Lisbon Treaty brings hope for Macedonia

Biljana Janeva
The news about the Lisbon Treaty in Macedonia was followed with great attention. Macedonia has been a candidate country since 2005 and has been praised for its progress in the reforms in the last two Progress Reports of the EU Parliament. After the news about the Lisbon Treaty, the Macedonian media and public opinion have turned to positive and hopeful expectations. Although overshadowed by the internal issues and the overall debate about the EU integration process of the country, the main interest in the Republic of Macedonia in terms of the Lisbon Treaty was enlargement. “Will the Lisbon Treaty speed up the integration of the Western Balkans? What will happen next?” These were the questions posed in many talk shows and opinion pieces in the newspapers and TV. According to the Macedonian public, the treaty has a much more flexible approach in terms of the other questions and issues. The Lisbon Treaty is expected to ease the EU accession of the Republic of Macedonia, because it clearly states that all countries may become part of the Union, says the Minister for Foreign Affairs, Antonio Milososki.[1]
Is the EU prepared for a direct democracy? This was one of the main questions circulating in the Macedonian media. Also, there is a lot of discussion regarding the willingness of the “new EU” to embrace the candidate countries and the possible “tiredness” of the EU for enlargement and the wish of the EU to be left alone to deal with its internal problems first. In Macedonia, these EU opinions and movements are followed with a great attention, mainly because it is regarded that EU integration is the first and foremost important strategic and security priority of the country.
The debate in the country between the political leaders is mainly in the domestic arena, in regard to the progress reports, the reforms needed for advancing Macedonia’s position and getting an accession date, reciprocal accusations between the political leaders about who’s to blame for not getting a date for negotiations, etc.
The new functions in the EU
The new function of the President of the European Council was positively viewed, and always tied to the implications for Macedonia from the creation of this new function. Herman Van Rompuy was seen in a positive light, as a leader who would give a voice to the EU regarding key issues, such as enlargement. A big debate is the constant shift in direction by the EU presidencies. While sometimes helpful, this can be somewhat burdensome. The debate revolves around the question: is a stable presidency or a changing presidency better for Macedonia and its European future?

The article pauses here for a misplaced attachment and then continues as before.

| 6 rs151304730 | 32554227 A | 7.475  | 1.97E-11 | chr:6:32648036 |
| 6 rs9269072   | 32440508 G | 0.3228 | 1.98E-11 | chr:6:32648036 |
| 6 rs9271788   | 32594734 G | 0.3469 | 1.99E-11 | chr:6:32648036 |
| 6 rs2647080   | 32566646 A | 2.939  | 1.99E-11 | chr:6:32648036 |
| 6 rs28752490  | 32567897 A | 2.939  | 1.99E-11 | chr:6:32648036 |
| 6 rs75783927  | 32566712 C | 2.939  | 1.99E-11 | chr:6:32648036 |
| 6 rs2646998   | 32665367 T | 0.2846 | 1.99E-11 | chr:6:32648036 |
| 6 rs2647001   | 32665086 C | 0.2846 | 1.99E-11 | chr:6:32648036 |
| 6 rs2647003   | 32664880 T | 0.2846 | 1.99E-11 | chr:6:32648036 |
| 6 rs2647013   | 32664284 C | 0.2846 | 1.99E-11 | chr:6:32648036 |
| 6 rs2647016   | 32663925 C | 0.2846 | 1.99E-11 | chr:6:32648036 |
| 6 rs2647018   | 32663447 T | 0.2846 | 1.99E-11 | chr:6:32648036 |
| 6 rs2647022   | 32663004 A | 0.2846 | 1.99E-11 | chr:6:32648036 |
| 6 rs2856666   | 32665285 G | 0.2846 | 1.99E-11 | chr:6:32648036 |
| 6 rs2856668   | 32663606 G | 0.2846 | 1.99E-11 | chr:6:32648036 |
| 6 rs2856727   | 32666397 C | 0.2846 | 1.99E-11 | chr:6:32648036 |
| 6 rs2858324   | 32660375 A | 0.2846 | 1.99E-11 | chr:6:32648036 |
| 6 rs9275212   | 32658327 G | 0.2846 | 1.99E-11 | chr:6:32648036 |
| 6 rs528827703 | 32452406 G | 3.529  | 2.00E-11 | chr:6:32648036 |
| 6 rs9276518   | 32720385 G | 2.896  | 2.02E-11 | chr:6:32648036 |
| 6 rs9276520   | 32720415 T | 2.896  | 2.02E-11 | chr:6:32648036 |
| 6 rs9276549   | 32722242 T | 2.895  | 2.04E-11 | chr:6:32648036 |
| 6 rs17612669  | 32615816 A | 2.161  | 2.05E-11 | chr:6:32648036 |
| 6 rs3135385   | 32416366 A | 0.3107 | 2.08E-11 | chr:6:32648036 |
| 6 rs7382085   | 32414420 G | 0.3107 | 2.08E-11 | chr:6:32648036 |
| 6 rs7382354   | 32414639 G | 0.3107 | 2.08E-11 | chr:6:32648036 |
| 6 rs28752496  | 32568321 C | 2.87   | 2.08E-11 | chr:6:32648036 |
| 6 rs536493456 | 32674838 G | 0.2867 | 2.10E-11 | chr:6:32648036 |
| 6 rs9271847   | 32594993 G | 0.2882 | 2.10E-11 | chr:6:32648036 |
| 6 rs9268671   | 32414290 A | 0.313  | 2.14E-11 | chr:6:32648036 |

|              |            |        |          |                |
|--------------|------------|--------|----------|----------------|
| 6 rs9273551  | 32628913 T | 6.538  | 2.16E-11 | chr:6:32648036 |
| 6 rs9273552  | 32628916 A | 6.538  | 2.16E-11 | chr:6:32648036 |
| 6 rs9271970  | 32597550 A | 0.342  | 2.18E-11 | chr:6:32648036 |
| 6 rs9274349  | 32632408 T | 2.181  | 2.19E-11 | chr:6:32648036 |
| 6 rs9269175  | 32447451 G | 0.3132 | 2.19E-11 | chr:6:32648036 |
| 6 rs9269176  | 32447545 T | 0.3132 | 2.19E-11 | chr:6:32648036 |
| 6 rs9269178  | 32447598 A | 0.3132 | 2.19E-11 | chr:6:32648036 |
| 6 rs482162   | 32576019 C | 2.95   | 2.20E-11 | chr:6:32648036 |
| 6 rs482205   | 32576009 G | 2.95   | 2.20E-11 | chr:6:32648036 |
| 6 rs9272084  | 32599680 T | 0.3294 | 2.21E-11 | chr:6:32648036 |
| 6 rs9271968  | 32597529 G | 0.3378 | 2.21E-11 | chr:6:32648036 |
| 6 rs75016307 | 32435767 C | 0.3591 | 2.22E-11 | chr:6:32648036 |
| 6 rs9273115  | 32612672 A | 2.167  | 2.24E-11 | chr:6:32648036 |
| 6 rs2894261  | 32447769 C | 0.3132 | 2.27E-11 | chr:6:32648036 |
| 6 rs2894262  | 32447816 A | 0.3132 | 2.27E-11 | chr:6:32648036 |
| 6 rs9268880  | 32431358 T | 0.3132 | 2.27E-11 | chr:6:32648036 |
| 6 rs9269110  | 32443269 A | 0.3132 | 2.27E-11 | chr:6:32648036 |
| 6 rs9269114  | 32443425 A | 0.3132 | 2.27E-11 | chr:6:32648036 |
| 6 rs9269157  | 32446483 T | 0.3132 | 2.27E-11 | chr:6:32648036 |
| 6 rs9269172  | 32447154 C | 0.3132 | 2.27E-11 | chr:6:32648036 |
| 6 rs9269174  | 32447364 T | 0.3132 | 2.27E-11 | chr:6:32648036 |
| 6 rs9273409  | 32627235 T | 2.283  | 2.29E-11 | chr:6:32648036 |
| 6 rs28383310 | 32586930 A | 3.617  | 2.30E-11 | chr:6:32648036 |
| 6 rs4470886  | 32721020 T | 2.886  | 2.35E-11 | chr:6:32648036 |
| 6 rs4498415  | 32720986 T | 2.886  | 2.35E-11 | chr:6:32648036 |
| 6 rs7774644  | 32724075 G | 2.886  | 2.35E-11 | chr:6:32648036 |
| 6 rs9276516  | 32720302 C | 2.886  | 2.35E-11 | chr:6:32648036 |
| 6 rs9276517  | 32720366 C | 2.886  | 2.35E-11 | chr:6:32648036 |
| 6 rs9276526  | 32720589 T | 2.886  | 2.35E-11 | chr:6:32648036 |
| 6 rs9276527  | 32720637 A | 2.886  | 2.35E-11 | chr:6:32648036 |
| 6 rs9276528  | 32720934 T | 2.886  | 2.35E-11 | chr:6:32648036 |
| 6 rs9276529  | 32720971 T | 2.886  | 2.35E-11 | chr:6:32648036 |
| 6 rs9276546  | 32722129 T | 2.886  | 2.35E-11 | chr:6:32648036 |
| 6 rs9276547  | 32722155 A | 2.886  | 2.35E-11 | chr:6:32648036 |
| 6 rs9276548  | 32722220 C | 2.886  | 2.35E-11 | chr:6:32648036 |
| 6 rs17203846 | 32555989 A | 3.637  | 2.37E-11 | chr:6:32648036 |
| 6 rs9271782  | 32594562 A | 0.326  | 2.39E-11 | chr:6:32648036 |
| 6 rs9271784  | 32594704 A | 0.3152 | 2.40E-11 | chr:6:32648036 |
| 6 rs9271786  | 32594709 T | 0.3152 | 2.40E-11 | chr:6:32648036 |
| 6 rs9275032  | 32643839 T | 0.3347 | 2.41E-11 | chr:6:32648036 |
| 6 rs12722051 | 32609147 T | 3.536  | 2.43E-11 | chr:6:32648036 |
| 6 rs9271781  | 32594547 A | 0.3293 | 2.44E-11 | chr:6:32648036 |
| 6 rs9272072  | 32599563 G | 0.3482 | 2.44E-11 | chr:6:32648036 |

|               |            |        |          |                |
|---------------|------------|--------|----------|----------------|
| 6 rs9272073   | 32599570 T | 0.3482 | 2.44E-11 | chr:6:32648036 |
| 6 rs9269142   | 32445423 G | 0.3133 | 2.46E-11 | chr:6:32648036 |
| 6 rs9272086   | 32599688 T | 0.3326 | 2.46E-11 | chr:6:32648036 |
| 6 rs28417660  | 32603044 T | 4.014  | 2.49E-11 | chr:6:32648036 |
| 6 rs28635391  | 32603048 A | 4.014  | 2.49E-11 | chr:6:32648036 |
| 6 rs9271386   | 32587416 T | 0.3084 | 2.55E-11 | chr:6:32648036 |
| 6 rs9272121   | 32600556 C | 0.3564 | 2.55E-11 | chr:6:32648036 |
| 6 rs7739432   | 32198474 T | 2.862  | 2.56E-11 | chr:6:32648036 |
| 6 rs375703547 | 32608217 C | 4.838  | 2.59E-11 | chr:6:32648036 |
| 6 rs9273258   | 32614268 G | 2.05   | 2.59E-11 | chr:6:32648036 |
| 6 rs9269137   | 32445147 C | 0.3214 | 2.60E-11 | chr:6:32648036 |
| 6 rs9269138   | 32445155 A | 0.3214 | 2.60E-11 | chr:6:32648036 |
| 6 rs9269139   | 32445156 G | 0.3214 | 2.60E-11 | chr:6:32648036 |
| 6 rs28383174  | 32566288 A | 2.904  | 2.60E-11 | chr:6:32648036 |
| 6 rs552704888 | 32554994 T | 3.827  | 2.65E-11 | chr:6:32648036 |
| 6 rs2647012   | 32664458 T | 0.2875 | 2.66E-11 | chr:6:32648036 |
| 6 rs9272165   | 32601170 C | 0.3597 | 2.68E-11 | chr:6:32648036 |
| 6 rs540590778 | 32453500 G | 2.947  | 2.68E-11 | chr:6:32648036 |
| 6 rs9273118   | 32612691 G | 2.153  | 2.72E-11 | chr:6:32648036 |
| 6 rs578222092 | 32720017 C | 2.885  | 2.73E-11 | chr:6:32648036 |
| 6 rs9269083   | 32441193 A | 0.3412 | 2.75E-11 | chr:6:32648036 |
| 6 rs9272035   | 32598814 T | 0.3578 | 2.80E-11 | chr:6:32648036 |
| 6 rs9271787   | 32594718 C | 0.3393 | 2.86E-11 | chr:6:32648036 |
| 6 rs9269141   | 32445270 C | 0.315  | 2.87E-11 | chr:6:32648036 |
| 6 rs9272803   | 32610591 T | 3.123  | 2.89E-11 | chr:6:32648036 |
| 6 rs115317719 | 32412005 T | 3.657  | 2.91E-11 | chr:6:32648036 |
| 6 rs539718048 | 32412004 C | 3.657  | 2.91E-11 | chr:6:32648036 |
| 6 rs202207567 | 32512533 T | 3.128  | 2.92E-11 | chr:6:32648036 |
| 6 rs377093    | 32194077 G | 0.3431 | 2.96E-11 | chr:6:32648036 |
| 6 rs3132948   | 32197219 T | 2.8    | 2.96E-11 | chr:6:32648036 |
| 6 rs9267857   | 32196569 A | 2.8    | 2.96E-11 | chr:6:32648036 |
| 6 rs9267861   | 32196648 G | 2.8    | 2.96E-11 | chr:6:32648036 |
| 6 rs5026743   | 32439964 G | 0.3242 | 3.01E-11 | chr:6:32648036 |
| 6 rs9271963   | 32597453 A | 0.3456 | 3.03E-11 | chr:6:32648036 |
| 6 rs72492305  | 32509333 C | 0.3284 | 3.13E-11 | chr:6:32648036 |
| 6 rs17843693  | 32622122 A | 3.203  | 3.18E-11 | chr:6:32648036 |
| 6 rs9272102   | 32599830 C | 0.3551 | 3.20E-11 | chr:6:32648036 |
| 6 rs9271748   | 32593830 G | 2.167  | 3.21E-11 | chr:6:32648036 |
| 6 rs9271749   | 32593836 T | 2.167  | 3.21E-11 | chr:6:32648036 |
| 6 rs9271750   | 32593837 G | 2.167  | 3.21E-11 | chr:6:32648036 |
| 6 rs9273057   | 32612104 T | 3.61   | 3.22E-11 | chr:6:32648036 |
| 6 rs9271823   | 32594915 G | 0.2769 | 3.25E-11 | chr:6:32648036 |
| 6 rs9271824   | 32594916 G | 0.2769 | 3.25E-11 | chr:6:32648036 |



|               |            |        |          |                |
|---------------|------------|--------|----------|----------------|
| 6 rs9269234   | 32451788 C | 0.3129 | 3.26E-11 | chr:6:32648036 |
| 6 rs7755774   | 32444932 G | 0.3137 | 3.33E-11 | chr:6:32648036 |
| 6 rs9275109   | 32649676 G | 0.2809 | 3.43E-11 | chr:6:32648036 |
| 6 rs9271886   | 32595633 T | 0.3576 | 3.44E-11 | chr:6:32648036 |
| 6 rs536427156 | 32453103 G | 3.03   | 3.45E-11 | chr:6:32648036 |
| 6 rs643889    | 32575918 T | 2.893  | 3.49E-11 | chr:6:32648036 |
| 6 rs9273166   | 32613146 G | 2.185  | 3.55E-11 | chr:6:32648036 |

With the ratification of the Lisbon Treaty, the focus of the EU can be put back on the Western Balkans. That is how most of the analytics and politicians view the election of the President of the European Council and the High Representative of the Union for Foreign Affairs and Security Policy. It was recognised as a positive signal towards the enlargement of the EU to the Western Balkan countries. It shows that the process is alive, many experts from the NGO sector analyse. Although both of the new functions don’t have competences in the negotiation process of the candidate countries, their role is still viewed as positive, dialogue enabling, and helpful in the accession of candidate countries, in opening or closing some of the negotiation chapters, and in preventing vetoes from member states.[2]
European External Action Service and European Citizens’ Initiative
The news about the European External Action Service was commented differently. One aspect emphasised was the concentration on foreign policy and enlargement, but also the creation of new structures within the EU. On the other hand, there was a debate over the mandate of the EU to sign international treaties in the name of its member states and open embassies around the world, establishing itself as a global power. Will that be at the cost of the member states? Will the EU act as a single state and is this transfer of power sustainable? These were some of the questions posed in the Macedonian media, without having answers this early in time.[3]
In Macedonia, the debate about the new European Citizens’ Initiative was not so strong. There were reports, mostly in the written media, that EU citizens will be able to demand that the EU Commission propose new laws. It is still unclear how this “direct democracy” experiment will function in practice and if this is a good idea at all.

[1] Statement from Minister Milososki for the news portal, available at: (last access: 20 March 2010).

[2] Part of these statements available at: (last access: 27 April 2010).

[3] Analysis of the daily Biznis, available at: (last access: 10 May 2010).